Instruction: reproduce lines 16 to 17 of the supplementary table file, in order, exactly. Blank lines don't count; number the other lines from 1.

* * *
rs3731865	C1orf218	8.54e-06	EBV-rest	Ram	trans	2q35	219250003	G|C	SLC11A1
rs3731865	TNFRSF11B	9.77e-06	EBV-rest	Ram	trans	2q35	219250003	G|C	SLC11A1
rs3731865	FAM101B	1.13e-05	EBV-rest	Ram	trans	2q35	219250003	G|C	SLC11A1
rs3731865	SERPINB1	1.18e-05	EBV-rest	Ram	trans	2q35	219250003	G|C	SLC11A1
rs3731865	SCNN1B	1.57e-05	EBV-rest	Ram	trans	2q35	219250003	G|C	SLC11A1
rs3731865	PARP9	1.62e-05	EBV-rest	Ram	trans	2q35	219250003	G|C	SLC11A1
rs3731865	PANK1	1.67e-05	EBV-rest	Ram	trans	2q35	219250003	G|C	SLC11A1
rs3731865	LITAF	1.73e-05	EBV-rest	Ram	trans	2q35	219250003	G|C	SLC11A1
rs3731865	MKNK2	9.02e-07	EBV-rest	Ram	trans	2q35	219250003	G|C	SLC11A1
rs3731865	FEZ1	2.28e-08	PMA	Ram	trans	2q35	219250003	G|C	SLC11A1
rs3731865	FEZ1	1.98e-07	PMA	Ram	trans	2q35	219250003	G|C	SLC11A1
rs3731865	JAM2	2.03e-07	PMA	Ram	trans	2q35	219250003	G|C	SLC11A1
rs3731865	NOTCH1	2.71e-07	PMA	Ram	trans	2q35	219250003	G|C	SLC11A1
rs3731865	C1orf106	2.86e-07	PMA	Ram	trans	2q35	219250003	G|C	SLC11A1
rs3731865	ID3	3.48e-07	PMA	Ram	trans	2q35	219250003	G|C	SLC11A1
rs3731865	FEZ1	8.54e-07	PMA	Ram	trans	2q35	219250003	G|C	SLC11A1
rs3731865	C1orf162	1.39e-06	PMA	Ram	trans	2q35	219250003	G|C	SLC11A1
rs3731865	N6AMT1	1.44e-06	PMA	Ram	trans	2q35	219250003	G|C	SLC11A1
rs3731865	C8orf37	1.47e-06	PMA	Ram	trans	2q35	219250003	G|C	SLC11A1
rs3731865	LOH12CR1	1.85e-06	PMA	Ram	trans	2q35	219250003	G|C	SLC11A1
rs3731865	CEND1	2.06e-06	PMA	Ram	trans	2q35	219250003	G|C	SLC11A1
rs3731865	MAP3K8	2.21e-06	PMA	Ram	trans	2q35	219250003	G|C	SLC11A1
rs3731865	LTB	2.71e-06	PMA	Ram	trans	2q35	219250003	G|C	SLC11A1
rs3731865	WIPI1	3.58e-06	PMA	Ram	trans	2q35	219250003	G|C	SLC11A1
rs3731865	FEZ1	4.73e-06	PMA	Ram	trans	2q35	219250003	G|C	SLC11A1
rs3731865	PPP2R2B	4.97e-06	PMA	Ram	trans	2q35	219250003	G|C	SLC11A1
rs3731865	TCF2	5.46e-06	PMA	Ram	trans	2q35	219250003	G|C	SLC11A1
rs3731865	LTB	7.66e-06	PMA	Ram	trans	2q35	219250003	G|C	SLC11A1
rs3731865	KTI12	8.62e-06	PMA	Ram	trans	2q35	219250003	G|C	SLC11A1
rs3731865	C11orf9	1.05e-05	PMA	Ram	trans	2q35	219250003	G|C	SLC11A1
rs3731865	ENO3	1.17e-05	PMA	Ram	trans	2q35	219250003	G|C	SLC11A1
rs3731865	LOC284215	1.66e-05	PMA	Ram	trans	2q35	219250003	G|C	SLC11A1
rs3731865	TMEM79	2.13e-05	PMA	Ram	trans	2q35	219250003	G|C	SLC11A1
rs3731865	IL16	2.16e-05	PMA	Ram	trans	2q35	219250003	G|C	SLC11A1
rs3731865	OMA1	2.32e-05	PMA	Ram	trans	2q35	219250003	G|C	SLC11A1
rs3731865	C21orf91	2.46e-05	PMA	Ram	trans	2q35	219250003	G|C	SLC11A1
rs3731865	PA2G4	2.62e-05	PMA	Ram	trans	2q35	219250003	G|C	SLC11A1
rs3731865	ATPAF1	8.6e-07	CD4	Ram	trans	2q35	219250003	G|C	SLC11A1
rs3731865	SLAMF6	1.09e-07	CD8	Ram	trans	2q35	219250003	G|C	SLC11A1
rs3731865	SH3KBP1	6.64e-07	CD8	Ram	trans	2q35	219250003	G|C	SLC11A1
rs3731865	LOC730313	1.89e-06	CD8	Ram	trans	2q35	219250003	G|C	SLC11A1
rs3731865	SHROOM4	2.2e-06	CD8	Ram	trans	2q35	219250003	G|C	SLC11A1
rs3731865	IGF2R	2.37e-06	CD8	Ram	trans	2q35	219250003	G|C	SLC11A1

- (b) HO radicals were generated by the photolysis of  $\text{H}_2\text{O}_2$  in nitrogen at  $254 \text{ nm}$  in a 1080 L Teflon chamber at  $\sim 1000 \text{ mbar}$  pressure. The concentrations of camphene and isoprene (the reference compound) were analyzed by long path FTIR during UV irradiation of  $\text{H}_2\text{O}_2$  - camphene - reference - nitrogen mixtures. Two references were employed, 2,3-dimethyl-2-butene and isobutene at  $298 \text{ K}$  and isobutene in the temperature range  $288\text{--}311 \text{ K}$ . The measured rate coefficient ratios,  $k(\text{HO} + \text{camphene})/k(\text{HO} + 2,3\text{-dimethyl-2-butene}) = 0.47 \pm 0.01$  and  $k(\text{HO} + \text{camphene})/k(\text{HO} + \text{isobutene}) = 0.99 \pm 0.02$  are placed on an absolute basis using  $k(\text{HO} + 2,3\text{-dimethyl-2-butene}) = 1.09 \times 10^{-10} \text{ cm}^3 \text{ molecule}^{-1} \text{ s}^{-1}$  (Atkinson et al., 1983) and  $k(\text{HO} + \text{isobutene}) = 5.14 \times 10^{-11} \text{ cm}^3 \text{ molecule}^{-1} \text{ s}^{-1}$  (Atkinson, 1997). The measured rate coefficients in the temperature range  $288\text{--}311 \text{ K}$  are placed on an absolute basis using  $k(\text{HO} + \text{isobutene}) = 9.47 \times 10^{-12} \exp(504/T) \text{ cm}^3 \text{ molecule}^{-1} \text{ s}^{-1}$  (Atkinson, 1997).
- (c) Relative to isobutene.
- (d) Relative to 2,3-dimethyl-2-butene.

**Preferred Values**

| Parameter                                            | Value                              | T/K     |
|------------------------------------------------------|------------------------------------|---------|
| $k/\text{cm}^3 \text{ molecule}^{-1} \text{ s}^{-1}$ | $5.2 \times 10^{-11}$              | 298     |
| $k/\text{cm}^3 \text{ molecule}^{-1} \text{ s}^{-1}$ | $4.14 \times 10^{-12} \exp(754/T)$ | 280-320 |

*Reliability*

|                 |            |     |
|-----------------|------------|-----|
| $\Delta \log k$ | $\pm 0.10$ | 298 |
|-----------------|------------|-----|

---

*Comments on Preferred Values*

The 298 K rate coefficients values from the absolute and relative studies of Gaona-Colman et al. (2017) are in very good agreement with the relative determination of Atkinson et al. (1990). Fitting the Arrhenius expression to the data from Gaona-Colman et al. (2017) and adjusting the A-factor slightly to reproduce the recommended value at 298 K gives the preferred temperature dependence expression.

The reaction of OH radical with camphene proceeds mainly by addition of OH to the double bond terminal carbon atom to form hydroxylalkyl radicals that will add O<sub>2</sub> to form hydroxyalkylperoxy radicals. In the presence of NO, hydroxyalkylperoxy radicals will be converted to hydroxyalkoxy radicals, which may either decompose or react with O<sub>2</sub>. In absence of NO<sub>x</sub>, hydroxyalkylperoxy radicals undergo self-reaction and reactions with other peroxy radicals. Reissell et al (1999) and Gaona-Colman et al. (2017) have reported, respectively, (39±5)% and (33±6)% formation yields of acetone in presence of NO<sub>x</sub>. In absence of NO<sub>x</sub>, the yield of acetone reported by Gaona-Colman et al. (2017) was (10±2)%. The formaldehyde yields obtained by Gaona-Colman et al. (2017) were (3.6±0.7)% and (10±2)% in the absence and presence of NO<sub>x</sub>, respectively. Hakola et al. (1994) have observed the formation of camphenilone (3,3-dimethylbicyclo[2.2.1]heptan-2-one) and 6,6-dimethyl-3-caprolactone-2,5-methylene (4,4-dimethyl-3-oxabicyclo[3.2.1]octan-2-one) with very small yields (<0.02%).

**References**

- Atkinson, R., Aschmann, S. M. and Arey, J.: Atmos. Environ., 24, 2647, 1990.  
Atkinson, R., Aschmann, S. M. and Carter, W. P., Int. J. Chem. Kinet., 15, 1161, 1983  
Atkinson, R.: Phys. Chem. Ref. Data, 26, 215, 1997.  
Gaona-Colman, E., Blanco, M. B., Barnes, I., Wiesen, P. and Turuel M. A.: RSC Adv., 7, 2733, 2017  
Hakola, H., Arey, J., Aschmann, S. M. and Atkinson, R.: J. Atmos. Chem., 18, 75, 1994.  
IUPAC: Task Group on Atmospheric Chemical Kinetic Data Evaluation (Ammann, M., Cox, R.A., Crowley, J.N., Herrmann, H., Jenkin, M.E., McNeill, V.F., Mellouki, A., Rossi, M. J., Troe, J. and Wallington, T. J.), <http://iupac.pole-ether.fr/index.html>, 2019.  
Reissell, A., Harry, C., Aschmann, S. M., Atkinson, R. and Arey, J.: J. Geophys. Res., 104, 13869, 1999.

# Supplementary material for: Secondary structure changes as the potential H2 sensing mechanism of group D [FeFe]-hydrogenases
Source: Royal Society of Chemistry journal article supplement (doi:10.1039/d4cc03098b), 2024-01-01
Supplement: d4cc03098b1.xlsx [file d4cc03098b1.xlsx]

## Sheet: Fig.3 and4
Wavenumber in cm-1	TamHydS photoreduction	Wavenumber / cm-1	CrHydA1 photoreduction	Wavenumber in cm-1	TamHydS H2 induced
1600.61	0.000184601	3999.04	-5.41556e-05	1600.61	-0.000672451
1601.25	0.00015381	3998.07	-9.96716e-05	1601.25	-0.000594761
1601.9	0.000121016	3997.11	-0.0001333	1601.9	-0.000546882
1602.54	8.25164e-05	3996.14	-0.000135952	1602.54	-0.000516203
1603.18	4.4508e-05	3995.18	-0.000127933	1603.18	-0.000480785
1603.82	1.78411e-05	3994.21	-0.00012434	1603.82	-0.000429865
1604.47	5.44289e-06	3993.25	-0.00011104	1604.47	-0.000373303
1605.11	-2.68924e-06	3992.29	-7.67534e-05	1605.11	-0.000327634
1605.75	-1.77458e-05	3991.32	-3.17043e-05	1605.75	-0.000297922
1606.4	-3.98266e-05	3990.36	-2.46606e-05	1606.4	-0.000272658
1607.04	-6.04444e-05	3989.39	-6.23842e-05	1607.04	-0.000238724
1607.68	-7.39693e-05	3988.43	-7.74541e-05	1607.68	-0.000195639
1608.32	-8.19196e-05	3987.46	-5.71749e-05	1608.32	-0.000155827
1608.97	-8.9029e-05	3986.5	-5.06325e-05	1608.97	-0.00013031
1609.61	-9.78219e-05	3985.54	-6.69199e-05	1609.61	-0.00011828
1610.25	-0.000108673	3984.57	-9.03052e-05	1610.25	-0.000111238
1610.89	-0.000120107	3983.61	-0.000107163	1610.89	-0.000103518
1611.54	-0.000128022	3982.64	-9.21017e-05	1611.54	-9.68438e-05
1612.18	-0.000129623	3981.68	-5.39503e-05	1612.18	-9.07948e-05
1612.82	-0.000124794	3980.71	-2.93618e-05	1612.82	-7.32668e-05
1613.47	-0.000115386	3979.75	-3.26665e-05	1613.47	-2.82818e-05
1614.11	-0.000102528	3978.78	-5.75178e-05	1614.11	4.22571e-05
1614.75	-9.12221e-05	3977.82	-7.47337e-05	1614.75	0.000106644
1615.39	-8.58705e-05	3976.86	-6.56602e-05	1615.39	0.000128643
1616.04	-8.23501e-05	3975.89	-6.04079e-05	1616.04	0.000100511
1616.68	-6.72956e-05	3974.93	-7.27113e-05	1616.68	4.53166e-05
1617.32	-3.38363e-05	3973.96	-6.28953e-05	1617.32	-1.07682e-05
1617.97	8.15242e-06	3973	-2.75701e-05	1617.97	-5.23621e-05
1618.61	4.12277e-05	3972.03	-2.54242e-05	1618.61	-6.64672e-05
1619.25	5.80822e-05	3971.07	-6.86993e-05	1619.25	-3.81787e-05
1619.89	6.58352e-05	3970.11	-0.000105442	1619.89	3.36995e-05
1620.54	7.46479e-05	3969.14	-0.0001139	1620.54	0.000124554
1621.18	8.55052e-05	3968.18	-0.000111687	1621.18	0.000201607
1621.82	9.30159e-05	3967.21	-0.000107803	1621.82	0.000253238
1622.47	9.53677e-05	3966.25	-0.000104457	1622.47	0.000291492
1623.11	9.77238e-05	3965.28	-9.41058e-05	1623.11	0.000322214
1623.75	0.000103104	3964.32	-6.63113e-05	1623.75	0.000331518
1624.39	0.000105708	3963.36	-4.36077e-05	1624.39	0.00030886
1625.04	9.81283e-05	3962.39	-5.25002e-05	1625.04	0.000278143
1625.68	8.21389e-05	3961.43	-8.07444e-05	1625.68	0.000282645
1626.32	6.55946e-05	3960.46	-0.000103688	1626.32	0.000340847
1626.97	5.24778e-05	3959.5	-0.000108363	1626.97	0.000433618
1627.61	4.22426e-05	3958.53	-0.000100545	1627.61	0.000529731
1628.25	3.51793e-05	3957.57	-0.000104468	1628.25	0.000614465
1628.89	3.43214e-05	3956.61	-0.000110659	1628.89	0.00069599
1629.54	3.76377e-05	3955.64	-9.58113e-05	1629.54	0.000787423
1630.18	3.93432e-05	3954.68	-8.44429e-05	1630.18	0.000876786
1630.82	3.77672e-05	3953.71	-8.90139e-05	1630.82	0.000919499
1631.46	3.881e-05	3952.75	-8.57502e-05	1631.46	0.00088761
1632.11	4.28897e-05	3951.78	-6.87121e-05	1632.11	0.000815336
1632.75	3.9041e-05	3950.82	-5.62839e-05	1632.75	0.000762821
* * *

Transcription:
rs3731865	FEZ1	8.54e-07	PMA	Ram	trans	2q35	219250003	G|C	SLC11A1
rs3731865	C1orf162	1.39e-06	PMA	Ram	trans	2q35	219250003	G|C	SLC11A1